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Brexit: Liam Fox yet to seal no-deal trade agreements

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The UK has yet to finalise agreements to replace existing free trade deals the EU has with 40 big economies if there is a no-deal Brexit.

International Trade Secretary Liam Fox said he "hoped" they would but it depended on whether other countries were "willing to put the work in".

He said more deals were coming, after signing one with Australia.

Concerns have been raised that the UK will leave the EU without a deal that would protect current arrangements.

The UK is due to leave the EU on 29 March, under the Article 50 process and the UK's EU Withdrawal Act, with or without a deal - unless the UK chooses to revoke Article 50 and continues as a member of the EU.

MPs defeated the withdrawal deal negotiated with the EU by a huge margin earlier this week, which provided for a "transition period" of 21 months, under which much of the UK's relationship with the EU would remain the same.

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In 2017, Mr Fox said that the UK could "replicate the 40 free trade agreements before we leave the EU", so that there would be no disruption to trade.

But with just over two months to go until Brexit, not one has been signed, said the BBC's business correspondent Jonty Bloom.

The Department for International Trade says some agreements are at an advanced stage but none of the 40 free trade deals that the EU has with other countries have so far been rolled over so that they will cover the UK after Brexit.

The closest the UK has come to rolling over a free trade deal is an initial agreement with Switzerland to replicate the existing EU-Switzerland arrangements "as far as possible". But that deal has not been formally signed yet.

Asked about a report in the Financial Times that Britain would not be close to finalising most of the 40 free trade deals the EU currently has with other countries, Mr Fox told the BBC: "I hope they will be but there are not just dependent on the UK. Our side is ready.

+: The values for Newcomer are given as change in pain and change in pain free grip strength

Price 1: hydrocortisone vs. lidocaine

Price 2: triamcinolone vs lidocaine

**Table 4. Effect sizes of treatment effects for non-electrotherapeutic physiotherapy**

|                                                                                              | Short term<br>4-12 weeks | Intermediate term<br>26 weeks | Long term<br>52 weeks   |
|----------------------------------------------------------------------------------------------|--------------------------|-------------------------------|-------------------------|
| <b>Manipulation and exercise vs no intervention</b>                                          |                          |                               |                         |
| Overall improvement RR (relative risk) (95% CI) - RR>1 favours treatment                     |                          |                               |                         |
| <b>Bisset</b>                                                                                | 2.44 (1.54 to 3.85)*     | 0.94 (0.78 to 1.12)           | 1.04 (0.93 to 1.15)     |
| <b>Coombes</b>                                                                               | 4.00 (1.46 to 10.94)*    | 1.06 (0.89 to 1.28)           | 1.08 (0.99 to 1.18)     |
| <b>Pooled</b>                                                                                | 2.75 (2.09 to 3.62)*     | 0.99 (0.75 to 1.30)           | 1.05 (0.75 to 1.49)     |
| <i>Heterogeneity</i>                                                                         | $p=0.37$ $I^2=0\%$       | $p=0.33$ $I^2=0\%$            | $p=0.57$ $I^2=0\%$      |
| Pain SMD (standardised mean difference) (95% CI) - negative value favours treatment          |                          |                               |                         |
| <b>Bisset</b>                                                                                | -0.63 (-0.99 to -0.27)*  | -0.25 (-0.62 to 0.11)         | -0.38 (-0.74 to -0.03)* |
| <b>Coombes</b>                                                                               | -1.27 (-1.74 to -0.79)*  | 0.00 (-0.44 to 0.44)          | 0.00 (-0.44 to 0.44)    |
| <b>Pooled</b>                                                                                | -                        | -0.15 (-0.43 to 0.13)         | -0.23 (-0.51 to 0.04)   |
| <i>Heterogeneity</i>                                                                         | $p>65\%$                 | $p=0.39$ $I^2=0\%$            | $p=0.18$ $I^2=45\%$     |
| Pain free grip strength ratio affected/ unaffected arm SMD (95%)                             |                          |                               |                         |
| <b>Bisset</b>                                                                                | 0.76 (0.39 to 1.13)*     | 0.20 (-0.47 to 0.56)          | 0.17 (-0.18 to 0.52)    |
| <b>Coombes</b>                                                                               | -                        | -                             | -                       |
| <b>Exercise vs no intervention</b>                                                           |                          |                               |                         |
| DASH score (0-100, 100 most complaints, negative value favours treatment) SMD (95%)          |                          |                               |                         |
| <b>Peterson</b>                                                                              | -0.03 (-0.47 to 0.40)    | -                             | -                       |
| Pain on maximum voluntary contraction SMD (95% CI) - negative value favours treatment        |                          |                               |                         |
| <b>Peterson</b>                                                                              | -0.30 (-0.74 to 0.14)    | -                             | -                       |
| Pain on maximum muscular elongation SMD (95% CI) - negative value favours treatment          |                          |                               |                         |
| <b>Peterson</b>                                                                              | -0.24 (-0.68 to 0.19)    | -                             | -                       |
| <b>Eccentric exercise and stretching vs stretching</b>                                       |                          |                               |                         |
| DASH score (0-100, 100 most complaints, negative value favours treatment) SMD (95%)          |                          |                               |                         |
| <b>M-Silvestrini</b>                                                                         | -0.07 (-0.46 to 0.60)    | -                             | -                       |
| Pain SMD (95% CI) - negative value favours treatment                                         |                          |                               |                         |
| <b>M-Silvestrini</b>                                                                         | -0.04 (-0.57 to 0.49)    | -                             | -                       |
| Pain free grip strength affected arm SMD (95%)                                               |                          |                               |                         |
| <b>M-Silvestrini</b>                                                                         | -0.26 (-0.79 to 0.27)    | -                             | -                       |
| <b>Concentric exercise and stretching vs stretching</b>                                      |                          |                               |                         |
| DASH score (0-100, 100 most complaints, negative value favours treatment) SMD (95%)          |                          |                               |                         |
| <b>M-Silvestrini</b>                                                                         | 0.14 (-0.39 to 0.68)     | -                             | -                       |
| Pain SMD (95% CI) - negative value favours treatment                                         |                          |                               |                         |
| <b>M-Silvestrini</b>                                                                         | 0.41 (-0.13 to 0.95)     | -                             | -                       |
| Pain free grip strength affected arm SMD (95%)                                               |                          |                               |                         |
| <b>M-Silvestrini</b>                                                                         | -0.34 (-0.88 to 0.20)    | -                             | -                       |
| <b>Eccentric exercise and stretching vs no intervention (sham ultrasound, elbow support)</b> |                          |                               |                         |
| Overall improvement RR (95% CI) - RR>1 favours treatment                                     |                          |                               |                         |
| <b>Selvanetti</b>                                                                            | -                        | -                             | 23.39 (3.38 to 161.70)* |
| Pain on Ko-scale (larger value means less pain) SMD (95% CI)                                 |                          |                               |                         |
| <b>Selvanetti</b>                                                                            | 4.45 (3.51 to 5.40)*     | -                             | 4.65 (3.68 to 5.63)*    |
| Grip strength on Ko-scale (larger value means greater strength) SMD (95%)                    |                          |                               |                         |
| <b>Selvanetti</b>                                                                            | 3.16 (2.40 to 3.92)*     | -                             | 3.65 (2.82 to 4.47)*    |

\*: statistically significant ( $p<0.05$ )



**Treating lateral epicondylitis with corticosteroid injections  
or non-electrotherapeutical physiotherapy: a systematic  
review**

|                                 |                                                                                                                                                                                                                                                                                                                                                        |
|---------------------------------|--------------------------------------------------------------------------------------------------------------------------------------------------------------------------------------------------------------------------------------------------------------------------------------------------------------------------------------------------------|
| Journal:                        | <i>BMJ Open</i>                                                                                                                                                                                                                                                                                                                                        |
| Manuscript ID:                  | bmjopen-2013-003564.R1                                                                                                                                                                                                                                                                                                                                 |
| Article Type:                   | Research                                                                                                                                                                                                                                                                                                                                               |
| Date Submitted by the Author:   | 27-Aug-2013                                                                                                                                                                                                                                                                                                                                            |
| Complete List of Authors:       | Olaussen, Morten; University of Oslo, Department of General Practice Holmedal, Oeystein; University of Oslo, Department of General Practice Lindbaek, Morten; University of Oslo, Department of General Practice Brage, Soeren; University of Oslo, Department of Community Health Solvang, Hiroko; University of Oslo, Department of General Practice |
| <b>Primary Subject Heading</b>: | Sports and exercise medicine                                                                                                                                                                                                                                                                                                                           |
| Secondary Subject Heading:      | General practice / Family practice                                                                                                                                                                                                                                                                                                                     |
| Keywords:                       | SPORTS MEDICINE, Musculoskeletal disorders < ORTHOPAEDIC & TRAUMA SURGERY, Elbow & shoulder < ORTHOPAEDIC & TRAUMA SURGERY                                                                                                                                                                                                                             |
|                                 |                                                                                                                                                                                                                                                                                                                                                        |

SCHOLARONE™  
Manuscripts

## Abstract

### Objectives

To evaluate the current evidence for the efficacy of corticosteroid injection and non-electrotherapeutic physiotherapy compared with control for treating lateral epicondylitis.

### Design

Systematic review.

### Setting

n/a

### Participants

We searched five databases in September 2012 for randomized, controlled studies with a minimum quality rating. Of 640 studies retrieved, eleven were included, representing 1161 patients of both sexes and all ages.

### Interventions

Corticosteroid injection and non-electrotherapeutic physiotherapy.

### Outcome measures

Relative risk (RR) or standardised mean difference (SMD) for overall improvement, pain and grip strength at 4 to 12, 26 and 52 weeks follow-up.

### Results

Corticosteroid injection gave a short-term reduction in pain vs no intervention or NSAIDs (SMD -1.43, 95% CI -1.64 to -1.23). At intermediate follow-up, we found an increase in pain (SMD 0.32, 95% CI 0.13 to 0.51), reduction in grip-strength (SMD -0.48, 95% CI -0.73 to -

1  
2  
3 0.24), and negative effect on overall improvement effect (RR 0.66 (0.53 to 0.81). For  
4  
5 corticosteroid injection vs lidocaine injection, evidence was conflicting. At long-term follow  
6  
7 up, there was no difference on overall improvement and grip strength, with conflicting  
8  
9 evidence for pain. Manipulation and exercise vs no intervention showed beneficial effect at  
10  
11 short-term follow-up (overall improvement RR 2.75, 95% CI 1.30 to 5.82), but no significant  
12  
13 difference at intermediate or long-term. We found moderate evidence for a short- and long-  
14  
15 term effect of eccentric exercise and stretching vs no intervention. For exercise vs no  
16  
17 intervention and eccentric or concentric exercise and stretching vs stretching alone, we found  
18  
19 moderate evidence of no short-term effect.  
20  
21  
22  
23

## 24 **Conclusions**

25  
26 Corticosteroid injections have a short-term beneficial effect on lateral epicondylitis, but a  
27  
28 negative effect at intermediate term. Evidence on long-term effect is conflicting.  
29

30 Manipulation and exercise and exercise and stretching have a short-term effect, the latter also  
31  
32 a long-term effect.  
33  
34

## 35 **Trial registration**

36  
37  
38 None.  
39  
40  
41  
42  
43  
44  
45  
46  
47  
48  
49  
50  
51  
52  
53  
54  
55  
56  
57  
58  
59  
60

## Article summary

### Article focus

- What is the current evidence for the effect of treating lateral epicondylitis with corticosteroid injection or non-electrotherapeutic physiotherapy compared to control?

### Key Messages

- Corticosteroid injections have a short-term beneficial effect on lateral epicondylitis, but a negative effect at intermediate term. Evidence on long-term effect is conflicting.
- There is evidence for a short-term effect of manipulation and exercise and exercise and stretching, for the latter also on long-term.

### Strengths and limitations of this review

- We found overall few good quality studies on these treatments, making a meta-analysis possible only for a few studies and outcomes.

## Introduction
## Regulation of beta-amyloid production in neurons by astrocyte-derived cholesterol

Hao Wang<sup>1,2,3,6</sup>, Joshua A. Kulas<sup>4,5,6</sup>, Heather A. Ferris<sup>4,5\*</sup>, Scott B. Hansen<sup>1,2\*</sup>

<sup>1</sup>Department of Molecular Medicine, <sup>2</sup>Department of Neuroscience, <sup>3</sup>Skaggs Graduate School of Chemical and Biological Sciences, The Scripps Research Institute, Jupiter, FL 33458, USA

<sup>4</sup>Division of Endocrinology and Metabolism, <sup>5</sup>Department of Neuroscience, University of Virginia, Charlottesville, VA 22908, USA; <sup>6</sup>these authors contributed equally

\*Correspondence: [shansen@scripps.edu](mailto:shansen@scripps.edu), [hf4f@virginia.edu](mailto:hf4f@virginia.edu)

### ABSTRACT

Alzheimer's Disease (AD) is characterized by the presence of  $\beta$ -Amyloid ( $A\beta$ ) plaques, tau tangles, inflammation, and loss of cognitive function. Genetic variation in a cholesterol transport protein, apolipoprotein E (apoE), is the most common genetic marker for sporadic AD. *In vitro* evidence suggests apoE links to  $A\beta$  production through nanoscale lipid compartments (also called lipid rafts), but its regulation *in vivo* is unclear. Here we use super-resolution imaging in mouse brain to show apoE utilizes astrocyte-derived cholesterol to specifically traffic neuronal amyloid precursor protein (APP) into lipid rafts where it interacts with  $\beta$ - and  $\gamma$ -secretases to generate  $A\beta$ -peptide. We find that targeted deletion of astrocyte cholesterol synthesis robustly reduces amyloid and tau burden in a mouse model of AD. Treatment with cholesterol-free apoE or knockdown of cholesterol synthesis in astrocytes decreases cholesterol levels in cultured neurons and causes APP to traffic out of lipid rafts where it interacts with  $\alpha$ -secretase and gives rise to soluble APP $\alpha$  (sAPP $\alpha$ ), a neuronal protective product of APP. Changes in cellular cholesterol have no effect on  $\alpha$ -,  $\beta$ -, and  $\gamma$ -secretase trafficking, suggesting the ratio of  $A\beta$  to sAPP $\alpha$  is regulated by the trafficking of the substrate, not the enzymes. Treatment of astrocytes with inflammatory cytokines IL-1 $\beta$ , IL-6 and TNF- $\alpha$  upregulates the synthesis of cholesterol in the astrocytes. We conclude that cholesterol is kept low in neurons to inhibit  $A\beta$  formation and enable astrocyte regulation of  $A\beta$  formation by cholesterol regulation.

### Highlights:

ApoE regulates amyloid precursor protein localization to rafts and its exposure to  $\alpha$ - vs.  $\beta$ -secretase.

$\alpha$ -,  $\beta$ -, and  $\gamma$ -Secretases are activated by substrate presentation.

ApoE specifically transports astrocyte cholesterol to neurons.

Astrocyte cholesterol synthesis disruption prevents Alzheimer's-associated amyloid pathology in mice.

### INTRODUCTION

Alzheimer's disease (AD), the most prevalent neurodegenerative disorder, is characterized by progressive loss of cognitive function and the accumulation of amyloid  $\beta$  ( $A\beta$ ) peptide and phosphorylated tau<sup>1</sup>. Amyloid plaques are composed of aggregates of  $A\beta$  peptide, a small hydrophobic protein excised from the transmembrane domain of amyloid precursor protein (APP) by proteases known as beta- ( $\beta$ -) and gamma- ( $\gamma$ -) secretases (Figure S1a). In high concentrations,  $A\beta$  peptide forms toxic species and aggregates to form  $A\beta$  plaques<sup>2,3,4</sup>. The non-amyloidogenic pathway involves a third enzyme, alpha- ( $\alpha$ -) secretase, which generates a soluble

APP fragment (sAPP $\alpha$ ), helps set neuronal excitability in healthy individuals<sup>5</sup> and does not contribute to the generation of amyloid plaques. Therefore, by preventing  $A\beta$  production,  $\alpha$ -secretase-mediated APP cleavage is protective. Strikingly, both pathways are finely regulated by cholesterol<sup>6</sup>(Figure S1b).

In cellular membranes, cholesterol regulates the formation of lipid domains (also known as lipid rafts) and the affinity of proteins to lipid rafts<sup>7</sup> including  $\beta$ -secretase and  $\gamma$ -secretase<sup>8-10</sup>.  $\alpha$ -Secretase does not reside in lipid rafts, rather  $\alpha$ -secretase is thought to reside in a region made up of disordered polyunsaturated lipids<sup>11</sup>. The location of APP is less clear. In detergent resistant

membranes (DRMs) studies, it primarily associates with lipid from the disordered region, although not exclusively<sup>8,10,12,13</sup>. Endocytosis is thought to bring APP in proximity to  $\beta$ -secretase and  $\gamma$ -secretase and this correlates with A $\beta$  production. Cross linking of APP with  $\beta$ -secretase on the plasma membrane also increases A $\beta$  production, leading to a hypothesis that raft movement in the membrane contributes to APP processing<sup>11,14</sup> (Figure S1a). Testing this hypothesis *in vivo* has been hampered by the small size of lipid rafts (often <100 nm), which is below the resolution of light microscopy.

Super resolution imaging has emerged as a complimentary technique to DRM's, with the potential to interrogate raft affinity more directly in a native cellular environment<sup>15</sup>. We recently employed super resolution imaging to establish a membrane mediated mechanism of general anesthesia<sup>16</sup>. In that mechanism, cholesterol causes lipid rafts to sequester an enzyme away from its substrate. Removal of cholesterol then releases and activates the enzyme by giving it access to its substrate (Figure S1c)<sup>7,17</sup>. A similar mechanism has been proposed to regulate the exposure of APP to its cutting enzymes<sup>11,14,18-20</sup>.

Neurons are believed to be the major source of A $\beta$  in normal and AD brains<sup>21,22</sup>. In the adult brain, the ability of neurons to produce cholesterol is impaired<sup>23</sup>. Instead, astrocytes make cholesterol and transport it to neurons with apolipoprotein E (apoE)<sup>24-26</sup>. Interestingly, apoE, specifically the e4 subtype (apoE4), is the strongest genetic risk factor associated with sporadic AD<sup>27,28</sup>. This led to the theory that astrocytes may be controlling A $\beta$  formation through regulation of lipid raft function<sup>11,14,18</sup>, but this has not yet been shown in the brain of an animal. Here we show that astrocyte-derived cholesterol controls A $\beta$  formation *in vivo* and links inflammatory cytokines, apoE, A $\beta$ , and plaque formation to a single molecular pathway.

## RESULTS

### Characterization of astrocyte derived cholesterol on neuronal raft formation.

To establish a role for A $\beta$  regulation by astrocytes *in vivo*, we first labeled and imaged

"It's largely dependent on other whether countries believe that there will be no deal and are willing to put the work in to the preparations."

On Friday, he signed a "mutual recognition agreement" with the Australian high commissioner in London - to maintain all current relevant aspects of the agreement it has with the EU. The EU does not have a free trade agreement with Australia.

He said there would be a "pipeline of them to be signed as we go through" and the agreement made it easier for UK goods to comply with Australian standards.

Mr Fox also said that staying in a permanent customs arrangement with the EU would "not be delivering Brexit" as he did not believe it would allow the UK to pursue an independent trade policy.

Some opposition parties have been making the case for a customs union. Theresa May held talks with the leaders of parties including the SNP and the Lib Dems, about a way forward after she won a confidence vote by a narrow margin in the Commons on Wednesday.

She also spoke to German Chancellor Angela Merkel and Dutch Prime Minister Mark Rutte on the telephone on Thursday night, and will be speaking to more EU leaders over the weekend.

But Labour Leader Jeremy Corbyn, who wants the UK to be in a permanent customs union with "strong" ties to the single market, has refused to take part in talks with the prime minister until she rules out the prospect of leaving the EU without a deal.

In a letter to Mrs May, Mr Corbyn said her talks were "not genuine". He also accused her of "sticking rigidly" to her withdrawal agreement.

As many as 20 Tory ministers have also said they would quit the government unless the prime minister allows them to try to stop a no deal Brexit, according to the Telegraph.

Mrs May says ruling out no deal is impossible as it is not within the government's power.

Writing in the Financial Times, Shadow Chancellor John McDonnell said the Conservative Party was "riven with division" so Labour would "return to Parliament to promote the compromise we believe is not only in the best interests of our economy but is also capable of securing sufficient support both here and in Brussels".

media captionJohnson: 'Shameful' to extend Article 50

If Parliament was at an impasse, and Labour could not get a general election "we should also retain the option of seeking a public vote," he added.

Mr Corbyn has come under pressure from dozens of his MPs to back calls for another EU referendum. On Friday a pro-referendum campaign group paid for a wrap-around advertisement in his local newspaper, the Islington Tribune , urging him to back a "public vote on Brexit".

In a speech at JCB Headquarters in Rocester, Staffordshire, former foreign secretary Boris Johnson said changing the date of leaving from 29 March would be "shameful", and the public would view it as "an elite conspiracy to thwart Brexit".

He instead urged the government to use Brexit to "unite the country".

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